But his workload has nearly tripled. Before the pandemic, there were usually 3-4 names of the deceased he would read out loud and pray for during Mass. Now, there are 10-12 names of those that have died and 5-6 requests to pray for those who are sick, he said.
What started as daily government-sponsored press events about the coronavirus turned a few weeks ago into a rapid-fire weekly briefing. This week, for example, the government's update took only seven and a half minutes.
As of Tuesday, Nicaragua's health ministry has reported 1,823 confirmed coronavirus cases and 64 deaths. But medical experts told CNN the number is significantly higher.
"There are two realities, what the government tells you and what we are seeing," epidemiologist Dr. Leonel Argüello Yrigoyen told CNN on the phone. "What the government reports is at least four times less than what the Observatory is reporting."
Dr. Argüello Yrigoyen was referring to the Nicaragua Covid-19 Citizen Observatory, an interdisciplinary monitoring group of epidemiologists, medical professionals and students working to "fill the void of information about Covid-19 in Nicaragua," according to its website.
The Observatory reported that as of June 10 there were 4,971 suspicious cases and 1,398 suspicious deaths from the virus. Coronavirus test data are solely controlled by the government.
On Monday, a group of at least 33 independent medical organizations in Nicaragua released a joint statement saying that community transmission was a serious threat.
"The first thing the government needs to do is admit there is a health problem and not make this a political issue," Dr. Argüello Yrigoyen said. "They need to make space to address the problem and recognize that an epidemic exists. So many deaths could be avoided."
The medical organizations also highlighted the firings of health workers who raised the alarm or demanded better personal protective equipment.
"In the last days the Health Ministry of Nicaragua decided to dismiss medical colleagues of diverse specialties without justification, the Nicaraguan people losing generations of teachers, professional experience and with great humanism that in the midst of the global health crisis are vital importance in the care of patients," the group statement said.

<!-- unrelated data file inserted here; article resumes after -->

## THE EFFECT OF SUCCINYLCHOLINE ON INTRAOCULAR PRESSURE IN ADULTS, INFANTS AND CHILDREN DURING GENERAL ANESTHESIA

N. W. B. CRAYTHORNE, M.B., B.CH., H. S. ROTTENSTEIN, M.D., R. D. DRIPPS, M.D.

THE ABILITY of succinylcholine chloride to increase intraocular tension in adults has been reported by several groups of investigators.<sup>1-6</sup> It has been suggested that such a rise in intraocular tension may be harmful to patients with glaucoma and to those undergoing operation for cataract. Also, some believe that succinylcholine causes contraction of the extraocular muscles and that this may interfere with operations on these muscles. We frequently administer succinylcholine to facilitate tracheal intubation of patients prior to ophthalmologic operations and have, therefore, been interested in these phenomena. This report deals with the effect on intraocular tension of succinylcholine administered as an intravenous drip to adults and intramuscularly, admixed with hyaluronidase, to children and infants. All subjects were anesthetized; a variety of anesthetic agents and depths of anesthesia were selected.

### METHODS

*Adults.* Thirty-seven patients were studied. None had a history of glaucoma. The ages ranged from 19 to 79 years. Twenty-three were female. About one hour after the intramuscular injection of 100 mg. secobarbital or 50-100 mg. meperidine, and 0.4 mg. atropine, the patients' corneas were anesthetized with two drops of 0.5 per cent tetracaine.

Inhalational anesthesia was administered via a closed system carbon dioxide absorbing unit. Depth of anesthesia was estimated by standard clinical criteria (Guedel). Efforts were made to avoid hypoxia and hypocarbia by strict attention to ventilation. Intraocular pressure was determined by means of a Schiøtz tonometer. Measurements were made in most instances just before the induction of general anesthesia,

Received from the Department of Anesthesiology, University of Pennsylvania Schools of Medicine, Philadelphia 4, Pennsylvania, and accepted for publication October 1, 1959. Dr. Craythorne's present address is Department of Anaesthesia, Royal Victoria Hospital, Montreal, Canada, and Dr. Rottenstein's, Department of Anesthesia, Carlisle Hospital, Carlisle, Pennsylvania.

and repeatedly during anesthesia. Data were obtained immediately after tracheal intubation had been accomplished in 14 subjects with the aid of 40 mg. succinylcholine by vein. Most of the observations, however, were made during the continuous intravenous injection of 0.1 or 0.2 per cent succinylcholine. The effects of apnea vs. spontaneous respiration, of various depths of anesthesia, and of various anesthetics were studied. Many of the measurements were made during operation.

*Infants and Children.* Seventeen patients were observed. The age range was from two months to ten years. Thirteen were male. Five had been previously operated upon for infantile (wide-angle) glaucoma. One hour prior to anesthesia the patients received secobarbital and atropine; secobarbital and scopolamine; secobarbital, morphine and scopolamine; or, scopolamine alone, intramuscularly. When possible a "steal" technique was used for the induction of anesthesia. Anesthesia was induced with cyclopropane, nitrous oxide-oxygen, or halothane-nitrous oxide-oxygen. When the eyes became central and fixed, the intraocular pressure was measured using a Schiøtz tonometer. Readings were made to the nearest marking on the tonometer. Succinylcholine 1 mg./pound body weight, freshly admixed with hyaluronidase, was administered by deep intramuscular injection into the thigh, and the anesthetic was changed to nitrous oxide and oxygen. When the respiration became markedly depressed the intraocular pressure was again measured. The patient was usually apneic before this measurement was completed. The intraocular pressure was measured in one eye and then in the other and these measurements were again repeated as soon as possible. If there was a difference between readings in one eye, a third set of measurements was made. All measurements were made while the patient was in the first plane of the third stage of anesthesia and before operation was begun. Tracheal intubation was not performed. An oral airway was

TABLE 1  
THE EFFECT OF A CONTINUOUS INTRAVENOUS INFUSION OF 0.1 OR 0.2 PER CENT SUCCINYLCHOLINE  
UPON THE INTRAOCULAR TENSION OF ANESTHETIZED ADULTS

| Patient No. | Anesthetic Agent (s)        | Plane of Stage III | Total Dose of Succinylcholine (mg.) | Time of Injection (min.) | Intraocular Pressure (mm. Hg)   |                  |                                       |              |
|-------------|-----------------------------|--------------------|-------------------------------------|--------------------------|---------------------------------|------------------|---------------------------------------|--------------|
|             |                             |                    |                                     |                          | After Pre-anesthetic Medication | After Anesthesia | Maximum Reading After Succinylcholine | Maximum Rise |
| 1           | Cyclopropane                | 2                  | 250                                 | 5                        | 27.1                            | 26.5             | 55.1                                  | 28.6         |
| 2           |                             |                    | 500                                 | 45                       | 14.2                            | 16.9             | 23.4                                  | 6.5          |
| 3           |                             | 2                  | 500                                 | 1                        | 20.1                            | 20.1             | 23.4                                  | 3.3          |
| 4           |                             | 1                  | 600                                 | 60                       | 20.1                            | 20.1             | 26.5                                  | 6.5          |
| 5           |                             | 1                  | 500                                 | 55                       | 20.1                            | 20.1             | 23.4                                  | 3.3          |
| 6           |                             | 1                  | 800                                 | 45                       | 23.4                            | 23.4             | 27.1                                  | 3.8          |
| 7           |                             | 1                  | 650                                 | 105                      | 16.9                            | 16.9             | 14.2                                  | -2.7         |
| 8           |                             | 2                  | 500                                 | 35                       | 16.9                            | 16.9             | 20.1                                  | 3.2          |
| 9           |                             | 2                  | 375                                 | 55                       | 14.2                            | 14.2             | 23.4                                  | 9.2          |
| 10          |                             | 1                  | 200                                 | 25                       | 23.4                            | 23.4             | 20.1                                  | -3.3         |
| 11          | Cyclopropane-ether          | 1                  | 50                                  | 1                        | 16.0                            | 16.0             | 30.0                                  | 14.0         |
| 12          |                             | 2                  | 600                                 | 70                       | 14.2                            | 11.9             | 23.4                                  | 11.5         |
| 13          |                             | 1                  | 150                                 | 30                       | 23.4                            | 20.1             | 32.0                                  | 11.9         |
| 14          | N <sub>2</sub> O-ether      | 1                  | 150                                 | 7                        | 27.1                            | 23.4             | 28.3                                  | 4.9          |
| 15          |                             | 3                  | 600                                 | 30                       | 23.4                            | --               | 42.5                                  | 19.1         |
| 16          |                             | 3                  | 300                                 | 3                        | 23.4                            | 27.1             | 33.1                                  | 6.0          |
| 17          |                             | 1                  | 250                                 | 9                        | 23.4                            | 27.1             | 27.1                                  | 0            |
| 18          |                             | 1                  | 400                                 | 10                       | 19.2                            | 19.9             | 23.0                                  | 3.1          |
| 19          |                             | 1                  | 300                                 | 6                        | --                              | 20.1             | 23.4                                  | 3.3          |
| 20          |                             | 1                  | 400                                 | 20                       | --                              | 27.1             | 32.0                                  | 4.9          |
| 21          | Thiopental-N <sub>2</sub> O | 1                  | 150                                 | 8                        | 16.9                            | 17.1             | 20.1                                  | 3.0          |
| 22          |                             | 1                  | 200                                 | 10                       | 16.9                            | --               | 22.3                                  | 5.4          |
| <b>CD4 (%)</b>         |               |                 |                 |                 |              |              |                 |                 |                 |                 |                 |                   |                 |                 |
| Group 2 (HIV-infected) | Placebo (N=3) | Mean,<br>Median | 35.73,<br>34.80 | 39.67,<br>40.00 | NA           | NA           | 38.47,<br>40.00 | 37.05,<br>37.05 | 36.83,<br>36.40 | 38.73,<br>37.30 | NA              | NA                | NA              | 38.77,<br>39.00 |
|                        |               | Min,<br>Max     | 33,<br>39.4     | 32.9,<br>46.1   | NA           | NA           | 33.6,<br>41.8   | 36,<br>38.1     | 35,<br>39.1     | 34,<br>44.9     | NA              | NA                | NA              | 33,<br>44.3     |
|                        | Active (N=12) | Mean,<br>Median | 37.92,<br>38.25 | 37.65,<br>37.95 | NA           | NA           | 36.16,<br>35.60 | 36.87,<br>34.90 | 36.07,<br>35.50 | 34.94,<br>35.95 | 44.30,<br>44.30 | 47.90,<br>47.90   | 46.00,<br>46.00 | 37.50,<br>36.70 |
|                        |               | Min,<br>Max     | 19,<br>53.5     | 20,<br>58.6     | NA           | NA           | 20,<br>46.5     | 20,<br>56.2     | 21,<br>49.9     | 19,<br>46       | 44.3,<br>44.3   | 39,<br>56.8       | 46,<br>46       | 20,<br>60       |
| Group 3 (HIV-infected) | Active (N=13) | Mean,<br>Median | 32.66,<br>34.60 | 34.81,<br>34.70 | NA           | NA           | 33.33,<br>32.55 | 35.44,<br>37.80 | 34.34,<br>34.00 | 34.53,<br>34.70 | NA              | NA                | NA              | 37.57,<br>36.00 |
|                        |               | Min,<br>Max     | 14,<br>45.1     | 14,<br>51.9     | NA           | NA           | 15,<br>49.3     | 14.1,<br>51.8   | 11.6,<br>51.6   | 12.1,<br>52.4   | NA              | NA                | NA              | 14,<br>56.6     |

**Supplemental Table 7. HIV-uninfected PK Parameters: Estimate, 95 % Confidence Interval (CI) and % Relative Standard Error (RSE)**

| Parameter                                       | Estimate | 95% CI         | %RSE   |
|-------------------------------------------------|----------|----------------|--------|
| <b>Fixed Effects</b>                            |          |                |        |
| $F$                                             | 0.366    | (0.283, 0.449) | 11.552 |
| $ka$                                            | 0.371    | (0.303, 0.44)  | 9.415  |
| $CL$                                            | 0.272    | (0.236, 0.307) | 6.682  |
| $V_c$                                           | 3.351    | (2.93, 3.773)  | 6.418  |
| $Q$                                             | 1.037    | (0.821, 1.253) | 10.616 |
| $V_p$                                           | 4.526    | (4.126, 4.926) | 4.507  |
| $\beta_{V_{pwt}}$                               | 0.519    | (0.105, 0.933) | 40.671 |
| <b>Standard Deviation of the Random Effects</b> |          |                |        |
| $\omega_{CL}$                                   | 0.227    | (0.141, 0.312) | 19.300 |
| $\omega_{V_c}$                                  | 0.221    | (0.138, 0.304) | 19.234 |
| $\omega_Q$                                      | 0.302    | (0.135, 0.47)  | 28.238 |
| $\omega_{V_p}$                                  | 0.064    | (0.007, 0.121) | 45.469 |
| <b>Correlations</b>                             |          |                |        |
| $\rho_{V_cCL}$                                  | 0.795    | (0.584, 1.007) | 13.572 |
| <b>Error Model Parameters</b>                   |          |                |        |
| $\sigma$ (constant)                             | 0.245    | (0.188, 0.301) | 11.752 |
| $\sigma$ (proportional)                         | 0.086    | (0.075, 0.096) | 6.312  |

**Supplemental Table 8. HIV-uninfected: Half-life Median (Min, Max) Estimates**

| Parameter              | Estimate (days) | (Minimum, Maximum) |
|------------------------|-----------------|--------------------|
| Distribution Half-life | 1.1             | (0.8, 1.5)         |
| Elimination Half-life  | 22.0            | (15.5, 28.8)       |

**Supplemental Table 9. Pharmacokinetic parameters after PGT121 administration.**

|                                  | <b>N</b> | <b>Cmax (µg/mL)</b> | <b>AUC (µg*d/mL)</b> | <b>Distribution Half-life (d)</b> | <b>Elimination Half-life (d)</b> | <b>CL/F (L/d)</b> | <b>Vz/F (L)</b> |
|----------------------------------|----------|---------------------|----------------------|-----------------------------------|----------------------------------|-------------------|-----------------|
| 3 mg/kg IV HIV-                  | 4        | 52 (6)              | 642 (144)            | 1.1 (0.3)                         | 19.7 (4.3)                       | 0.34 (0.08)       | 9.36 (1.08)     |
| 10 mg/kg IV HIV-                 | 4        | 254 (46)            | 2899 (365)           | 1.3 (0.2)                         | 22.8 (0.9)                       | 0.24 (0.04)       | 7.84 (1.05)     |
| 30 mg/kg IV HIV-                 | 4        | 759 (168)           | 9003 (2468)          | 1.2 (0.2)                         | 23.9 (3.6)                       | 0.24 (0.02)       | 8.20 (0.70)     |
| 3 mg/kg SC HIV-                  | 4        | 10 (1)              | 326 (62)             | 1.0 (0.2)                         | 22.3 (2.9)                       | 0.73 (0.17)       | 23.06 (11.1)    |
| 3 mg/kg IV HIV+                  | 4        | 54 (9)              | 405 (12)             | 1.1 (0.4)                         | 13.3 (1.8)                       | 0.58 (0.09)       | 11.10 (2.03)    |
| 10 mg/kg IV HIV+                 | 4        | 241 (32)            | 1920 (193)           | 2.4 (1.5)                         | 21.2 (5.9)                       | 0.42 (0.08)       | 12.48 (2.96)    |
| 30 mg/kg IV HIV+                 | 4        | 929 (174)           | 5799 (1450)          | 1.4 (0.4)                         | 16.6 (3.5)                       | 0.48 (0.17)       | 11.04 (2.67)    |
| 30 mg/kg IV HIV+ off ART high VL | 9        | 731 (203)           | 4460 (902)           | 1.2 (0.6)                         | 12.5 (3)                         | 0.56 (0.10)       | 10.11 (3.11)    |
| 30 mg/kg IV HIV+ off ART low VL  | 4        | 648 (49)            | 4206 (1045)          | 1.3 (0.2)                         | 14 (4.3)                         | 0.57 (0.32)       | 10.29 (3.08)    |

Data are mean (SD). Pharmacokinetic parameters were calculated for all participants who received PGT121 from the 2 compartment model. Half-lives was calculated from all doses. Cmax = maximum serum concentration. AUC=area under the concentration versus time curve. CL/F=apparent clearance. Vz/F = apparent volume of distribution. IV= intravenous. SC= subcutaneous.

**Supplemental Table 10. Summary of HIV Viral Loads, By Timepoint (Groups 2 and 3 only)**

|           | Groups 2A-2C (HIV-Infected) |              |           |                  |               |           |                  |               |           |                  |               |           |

At least 15 medical personnel have recently been forced to quit or were fired, Dr. José Antonio Vásquez, president of Nicaragua's Medical Unit, told CNN en Español in an interview. Many of them have been in their professions for over 20 years, according to doctors who were interviewed or who posted their dismissal letters on social media.
The Nicaraguan Center for Human Rights also condemned the government's actions, describing the dismissals as "unusual and outrageous."
Not only are health workers losing their jobs, some are dying and getting sick at an alarming rate. According to the Observatory, at least 536 health personnel have shown Covid-19 symptoms and 61 are suspected to have died from the virus as of June 10. The government has yet to recognize any of these deaths or infections in the health sector.
CNN reached out to the health ministry and government's office for comment on the firing and deaths of medical personnel and received no response.
Six politicians in Nicaragua have passed away since mid-May, according to an unusual government announcement by Vice President Murillo, though the cause of death for some is unclear.
Murillo reported the deaths of two mayors, one of whom died after a blood sugar spike, she said. National Assembly deputy Maria Manuela Sacasa passed away from cancer, Murillo noted, though the other politicians' causes of death were not clarified.
The lack of official guidance has created fear in the country, according to medical experts.
Many Nicaraguans are now wary of being hospitalized, according to three doctors who spoke to CNN. Hospital numbers have decreased because people would rather stay home and be treated by family.
Oxygen tank sales have increased, said a doctor who asked to remain anonymous for fear of losing his job.
"People staying home is dangerous — the calm before the storm," the doctor told CNN.
"At home they create an infection bomb because everyone in that household can be infected and you might put on a mask, but that won't help," he added.
"I have never seen so many people self-medicating. People are desperate," Dr. Argüello Yrigoyen said.
And with the country open for business, many have no choice but to work.
Javier, who asked that his first name be changed for his safety, told CNN via a WhatsApp text message that he looks for credible information from the Observatory website because the government is not trustworthy.
But he still needs to work as he's the sole breadwinner for his family. He said eight people have fallen ill at his workplace, a distribution company dealing with farm products. One of those workers had to be intubated Javier said, but he has no choice and must work.
"There is this feeling of anguish and fear thinking about when I will get sick and if I would survive the disease. I think of my wife and daughter and how I would spend my last days," Javier said.
"And I feel hatred toward the government, a sentiment growing in the population since the only ones guaranteed life are the rulers, who have lived in quarantine for many years."